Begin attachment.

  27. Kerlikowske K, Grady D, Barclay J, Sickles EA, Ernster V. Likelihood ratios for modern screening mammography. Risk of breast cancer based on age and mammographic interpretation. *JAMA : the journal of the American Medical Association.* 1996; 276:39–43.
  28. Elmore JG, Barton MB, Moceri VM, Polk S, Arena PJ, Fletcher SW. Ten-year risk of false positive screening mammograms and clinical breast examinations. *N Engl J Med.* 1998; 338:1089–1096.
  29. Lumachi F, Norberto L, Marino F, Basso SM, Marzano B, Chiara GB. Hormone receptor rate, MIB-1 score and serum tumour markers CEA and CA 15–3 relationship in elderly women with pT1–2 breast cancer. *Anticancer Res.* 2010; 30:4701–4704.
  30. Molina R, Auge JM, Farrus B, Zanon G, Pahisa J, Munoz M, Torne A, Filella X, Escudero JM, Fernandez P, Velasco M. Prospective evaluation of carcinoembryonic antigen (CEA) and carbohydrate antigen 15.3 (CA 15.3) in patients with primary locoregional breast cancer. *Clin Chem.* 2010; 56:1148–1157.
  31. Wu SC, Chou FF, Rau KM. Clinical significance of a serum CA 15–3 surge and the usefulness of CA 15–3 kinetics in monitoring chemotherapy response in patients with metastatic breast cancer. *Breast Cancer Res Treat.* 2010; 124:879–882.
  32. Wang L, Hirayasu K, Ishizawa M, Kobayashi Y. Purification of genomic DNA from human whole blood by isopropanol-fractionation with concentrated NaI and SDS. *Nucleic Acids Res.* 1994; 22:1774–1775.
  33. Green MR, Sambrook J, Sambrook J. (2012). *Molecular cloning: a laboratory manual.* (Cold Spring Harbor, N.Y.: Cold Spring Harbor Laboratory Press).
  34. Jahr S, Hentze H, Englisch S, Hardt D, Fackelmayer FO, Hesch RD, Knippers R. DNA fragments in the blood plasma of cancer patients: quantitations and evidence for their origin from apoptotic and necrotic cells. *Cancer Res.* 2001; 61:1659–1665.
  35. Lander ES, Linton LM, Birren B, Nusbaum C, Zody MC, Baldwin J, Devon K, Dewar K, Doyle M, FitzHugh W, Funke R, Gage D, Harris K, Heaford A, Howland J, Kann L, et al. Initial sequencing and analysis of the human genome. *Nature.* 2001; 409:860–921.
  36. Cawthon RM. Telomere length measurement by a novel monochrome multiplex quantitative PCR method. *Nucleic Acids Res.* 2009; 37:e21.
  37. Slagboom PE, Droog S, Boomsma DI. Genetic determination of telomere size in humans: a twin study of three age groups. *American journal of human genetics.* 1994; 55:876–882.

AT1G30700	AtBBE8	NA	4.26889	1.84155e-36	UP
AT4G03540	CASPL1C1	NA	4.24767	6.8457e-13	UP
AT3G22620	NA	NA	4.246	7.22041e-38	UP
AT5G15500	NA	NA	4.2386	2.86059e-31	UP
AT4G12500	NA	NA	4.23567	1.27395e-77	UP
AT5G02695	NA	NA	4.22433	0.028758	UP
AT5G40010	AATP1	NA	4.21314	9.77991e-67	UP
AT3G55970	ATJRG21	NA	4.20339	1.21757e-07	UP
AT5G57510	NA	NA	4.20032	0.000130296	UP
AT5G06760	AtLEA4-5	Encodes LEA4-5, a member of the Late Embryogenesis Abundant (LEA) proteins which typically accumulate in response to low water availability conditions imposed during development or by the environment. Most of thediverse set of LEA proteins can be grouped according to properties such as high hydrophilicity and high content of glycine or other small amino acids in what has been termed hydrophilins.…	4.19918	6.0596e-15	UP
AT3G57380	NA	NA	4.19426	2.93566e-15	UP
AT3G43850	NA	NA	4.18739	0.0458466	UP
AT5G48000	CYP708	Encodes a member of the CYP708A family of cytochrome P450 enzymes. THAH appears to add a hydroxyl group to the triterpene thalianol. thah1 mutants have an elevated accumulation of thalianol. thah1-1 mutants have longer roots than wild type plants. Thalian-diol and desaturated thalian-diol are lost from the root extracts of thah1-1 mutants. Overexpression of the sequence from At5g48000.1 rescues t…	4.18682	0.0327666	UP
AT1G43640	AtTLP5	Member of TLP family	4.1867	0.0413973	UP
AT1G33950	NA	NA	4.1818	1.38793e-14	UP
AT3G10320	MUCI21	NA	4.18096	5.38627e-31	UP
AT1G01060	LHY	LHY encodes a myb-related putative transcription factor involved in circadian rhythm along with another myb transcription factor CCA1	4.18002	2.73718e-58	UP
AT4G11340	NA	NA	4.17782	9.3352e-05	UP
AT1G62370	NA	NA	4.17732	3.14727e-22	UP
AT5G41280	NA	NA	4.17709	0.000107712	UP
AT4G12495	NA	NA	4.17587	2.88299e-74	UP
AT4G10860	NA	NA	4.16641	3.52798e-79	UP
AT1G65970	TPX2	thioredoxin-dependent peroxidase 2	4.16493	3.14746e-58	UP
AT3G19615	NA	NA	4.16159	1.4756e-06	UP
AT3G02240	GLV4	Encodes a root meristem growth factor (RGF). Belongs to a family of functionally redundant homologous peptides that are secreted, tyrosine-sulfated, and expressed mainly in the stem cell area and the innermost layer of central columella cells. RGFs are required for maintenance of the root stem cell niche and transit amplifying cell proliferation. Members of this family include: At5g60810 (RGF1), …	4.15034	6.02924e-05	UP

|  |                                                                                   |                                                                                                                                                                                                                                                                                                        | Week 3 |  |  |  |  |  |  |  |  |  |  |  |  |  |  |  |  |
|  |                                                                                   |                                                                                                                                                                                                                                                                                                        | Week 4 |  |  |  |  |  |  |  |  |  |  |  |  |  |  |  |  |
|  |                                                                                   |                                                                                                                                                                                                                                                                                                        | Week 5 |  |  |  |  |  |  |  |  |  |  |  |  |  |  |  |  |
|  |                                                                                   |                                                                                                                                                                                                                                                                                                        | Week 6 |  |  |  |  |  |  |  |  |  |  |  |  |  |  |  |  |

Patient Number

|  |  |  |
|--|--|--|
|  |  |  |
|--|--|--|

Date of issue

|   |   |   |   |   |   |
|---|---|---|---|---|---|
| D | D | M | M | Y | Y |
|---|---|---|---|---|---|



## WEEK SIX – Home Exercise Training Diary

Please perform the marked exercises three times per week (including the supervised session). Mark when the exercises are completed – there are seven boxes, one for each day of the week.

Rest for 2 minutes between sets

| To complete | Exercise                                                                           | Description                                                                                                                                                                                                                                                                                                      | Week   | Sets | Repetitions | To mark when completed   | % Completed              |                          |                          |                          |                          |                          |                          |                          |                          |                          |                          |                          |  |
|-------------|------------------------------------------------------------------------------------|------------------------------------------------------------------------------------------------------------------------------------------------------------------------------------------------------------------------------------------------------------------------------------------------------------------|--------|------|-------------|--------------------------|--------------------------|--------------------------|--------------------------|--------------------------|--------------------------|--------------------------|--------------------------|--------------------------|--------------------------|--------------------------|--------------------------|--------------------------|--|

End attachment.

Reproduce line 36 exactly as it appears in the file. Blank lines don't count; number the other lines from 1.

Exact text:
AT3G02240	GLV4	Encodes a root meristem growth factor (RGF). Belongs to a family of functionally redundant homologous peptides that are secreted, tyrosine-sulfated, and expressed mainly in the stem cell area and the innermost layer of central columella cells. RGFs are required for maintenance of the root stem cell niche and transit amplifying cell proliferation. Members of this family include: At5g60810 (RGF1), …	4.15034	6.02924e-05	UP